In his most recent book, George Saunders quotes “movie producer and all-around mensch,” Stuart Cornfield, to make a point not only about movies but about writing – – “…every structural unit needs to do two things: (1) be entertaining in its own right and (2) advance the story in a non-trivial way.”
Doesn’t seem like much, does it? But for writers, the twosome may be more challenging than you think. To entertain should not be taken lightly. And you cannot do it randomly, either. At the same time it must advance your story, meaning “randomness” is the enemy!
Often this calls for variety in your story, but again, you face the danger of variety for the sake of variety. Chekhov, Saunders’ hero in A Swim in a Pond in the Rain, is a natural at this. Says George: “Chekhov’s instinct seems to be toward variation, against stasis. One of his gifts is an ability to naturally impose variety on a situation that a lesser writer would leave static.”
(OK, static sorts. Take a step forward and admit it. Or watch as Chekhov takes a step backwards, leaving you exposed.)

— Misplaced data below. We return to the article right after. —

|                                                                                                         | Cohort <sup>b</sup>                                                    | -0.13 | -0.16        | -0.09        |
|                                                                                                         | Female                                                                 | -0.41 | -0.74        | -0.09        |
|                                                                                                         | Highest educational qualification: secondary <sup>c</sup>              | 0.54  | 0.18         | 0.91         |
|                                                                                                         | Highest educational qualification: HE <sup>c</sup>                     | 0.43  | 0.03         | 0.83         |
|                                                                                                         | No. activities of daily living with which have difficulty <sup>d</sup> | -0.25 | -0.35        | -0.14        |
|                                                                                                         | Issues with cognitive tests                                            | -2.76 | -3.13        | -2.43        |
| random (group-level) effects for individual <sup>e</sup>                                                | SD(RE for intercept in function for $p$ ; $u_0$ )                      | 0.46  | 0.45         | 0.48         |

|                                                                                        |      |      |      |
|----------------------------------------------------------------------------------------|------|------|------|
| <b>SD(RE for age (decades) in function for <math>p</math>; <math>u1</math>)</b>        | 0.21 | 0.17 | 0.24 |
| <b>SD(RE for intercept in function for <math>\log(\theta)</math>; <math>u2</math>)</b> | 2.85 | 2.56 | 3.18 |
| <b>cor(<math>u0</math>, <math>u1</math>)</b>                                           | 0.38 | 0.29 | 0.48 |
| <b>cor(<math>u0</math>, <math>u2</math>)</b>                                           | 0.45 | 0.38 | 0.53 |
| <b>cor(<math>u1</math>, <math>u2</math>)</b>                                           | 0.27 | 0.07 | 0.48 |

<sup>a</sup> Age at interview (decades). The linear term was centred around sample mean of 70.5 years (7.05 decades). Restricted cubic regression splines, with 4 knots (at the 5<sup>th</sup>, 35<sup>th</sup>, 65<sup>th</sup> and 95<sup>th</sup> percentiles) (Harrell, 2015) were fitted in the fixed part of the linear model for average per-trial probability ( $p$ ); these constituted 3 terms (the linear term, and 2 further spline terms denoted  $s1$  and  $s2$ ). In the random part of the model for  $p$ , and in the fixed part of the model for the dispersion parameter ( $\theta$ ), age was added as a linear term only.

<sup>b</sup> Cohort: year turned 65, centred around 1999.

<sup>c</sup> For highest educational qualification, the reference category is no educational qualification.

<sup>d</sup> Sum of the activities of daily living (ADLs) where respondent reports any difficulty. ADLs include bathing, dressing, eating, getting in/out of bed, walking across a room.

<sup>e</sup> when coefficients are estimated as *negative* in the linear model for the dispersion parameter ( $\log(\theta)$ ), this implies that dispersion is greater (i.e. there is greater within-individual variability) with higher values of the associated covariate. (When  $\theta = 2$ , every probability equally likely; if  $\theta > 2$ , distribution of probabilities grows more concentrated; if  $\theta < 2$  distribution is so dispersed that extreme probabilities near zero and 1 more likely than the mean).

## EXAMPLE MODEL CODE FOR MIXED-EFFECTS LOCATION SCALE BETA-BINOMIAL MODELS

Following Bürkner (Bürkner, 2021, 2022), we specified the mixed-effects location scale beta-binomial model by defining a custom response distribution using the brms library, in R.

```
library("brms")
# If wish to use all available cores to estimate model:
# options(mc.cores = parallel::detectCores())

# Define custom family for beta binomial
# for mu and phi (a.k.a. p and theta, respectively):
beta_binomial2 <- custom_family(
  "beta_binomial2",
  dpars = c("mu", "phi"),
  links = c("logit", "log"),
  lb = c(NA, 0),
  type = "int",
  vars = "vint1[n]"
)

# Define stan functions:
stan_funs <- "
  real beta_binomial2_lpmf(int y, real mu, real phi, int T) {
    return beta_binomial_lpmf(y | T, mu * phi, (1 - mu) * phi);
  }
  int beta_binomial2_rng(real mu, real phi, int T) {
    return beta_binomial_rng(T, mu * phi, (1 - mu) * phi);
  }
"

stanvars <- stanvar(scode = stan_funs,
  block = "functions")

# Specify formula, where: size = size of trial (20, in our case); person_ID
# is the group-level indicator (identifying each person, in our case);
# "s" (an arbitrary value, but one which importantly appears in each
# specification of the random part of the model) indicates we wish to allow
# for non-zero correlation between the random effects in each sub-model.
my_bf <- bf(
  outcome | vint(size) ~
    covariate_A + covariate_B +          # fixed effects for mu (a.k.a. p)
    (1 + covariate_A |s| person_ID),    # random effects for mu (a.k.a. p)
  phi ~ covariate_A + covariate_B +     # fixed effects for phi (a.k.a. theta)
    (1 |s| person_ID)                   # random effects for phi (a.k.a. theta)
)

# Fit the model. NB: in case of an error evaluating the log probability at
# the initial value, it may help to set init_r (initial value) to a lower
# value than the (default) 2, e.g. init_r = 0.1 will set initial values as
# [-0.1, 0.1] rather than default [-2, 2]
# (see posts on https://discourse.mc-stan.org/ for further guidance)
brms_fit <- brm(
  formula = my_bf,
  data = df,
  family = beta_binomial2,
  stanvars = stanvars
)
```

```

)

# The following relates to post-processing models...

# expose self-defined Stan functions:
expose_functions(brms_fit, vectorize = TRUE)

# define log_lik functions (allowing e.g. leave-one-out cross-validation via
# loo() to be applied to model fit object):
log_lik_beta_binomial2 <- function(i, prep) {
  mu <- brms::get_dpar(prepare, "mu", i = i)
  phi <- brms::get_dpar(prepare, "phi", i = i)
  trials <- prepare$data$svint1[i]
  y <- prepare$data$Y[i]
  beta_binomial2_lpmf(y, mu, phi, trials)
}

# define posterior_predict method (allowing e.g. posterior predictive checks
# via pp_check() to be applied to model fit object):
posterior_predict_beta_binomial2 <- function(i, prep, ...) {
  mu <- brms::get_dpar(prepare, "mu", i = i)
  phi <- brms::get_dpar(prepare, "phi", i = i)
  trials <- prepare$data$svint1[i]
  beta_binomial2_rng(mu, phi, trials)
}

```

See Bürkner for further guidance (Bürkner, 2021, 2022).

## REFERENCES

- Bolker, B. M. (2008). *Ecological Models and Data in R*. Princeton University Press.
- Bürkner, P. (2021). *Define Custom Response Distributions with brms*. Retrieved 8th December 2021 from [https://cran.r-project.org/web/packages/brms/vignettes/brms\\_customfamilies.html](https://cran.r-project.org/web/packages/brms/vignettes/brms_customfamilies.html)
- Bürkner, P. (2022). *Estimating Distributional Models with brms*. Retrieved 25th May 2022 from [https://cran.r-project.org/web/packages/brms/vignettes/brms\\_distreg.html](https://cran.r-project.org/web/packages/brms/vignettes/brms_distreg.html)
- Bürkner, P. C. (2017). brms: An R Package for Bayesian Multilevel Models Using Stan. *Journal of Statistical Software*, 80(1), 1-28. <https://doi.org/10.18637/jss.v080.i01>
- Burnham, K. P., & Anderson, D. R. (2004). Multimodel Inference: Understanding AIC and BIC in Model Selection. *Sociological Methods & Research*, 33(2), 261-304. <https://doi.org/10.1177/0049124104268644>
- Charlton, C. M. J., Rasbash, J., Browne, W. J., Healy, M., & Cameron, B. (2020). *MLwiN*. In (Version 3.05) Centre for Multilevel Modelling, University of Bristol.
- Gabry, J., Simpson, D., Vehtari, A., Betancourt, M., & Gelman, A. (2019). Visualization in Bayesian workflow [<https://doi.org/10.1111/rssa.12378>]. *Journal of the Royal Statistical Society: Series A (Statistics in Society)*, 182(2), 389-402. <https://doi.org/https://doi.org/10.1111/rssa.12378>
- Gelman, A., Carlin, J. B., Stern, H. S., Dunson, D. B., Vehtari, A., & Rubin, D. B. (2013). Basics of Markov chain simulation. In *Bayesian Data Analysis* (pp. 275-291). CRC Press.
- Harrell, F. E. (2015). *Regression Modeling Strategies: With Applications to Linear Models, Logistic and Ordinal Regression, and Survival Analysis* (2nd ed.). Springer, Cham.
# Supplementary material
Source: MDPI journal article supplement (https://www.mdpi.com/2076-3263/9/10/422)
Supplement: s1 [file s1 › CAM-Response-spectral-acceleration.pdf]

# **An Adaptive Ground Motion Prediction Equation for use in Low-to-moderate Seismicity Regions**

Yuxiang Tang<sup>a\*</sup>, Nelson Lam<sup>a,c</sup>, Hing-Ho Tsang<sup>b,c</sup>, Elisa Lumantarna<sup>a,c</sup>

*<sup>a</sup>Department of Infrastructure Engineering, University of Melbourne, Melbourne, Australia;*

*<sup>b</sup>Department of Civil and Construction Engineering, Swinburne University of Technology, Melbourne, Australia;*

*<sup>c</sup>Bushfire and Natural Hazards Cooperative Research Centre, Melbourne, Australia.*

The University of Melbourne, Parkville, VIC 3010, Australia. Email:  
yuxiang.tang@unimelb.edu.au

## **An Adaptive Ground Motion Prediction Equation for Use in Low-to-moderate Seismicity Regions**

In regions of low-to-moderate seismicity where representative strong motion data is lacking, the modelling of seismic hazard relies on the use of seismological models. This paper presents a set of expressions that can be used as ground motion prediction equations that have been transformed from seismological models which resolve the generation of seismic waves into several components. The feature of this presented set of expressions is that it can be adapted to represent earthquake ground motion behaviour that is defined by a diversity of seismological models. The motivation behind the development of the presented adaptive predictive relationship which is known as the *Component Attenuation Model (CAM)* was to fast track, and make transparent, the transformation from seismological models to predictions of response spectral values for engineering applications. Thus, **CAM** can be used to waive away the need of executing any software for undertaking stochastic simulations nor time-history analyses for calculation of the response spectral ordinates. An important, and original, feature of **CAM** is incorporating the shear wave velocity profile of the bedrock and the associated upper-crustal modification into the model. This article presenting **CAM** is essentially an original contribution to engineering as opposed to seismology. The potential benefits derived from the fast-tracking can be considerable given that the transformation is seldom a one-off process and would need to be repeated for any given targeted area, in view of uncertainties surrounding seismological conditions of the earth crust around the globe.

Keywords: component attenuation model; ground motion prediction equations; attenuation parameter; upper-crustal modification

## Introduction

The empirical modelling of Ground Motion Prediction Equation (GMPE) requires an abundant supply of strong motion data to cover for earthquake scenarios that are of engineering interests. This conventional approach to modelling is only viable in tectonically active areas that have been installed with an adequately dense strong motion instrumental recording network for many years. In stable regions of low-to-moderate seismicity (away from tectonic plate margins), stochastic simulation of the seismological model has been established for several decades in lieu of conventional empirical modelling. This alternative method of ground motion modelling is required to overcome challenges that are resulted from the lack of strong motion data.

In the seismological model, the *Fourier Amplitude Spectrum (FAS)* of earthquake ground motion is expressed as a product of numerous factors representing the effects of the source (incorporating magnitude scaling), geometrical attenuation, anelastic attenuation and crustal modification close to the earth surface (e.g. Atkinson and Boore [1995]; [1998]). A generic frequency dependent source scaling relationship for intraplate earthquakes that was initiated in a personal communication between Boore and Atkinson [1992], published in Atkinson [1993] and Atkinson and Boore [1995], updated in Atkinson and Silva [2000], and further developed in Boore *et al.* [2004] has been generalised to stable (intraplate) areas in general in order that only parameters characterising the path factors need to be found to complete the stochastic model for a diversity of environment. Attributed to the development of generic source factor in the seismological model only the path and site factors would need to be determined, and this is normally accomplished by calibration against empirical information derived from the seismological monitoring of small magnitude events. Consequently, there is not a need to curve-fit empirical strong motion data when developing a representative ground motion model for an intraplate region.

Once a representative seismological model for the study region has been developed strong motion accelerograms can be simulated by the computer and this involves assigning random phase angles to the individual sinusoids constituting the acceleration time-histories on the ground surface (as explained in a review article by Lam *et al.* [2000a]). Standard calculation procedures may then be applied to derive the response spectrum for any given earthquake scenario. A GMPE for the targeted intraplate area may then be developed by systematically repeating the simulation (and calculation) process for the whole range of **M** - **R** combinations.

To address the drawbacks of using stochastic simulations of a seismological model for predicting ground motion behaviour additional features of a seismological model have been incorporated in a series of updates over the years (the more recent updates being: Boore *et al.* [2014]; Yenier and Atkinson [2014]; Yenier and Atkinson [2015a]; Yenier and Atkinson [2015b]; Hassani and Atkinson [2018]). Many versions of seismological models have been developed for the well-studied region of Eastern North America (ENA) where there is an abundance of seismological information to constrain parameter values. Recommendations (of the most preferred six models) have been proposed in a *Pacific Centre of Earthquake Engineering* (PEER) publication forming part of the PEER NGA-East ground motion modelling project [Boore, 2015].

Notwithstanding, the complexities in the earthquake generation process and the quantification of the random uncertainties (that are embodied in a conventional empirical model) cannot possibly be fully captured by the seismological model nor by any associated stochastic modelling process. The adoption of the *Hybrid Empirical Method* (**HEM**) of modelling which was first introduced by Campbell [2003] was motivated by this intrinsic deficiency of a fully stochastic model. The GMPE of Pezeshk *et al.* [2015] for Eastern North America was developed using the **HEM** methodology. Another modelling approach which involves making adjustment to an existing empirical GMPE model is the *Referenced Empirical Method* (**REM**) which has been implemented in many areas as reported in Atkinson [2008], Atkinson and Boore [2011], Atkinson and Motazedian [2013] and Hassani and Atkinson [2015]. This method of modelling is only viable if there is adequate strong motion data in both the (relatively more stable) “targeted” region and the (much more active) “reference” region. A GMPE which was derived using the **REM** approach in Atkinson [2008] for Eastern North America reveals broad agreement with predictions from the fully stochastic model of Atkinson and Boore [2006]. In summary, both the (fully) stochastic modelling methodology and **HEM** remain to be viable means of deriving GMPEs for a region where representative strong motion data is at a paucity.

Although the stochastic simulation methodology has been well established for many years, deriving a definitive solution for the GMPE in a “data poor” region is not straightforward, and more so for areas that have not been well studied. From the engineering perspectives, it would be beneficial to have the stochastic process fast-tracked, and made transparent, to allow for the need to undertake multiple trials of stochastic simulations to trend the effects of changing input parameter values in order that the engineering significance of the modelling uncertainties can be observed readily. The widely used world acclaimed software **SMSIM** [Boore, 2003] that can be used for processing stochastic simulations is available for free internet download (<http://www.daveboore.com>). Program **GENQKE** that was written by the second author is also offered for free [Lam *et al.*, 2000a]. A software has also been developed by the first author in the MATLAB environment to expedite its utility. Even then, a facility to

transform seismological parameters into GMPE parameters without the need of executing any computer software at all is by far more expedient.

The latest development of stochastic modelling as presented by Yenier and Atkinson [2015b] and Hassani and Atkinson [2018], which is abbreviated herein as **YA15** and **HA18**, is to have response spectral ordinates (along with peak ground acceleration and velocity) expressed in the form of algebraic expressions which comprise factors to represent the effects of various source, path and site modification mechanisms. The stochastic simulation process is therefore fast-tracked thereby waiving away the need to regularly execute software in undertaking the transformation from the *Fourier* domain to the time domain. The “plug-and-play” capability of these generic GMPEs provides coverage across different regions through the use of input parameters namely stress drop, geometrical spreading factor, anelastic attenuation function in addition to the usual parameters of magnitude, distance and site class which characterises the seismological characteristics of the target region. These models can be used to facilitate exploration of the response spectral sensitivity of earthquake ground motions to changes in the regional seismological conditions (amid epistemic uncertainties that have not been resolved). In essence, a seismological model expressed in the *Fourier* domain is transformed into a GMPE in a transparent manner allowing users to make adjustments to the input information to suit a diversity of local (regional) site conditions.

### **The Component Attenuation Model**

This brings us to these famous dictums for writers:
- “Don’t make things happen for no reason.”
- “Having made something happen, make it matter.”
You see, again, the relentless campaign against the random? A particularly contrary writer might wail, “But, hold on! Life is random, so why can’t I write random?”
Because, Saunders seems to be saying, writing is a controlled random – an exquisite, oxymoronic dance of sorts.
Thus, he writes, “In workshop we sometimes say that what makes a piece of writing a story is that something happens within it that changes the character forever.”
Tall, meet order.
To quote Chekhov (and Saunders does so, early and often): “Art doesn’t have to solve problems, it only has to formulate them correctly.”
Happy formulating, then. It’s what make writing such an enjoying challenge!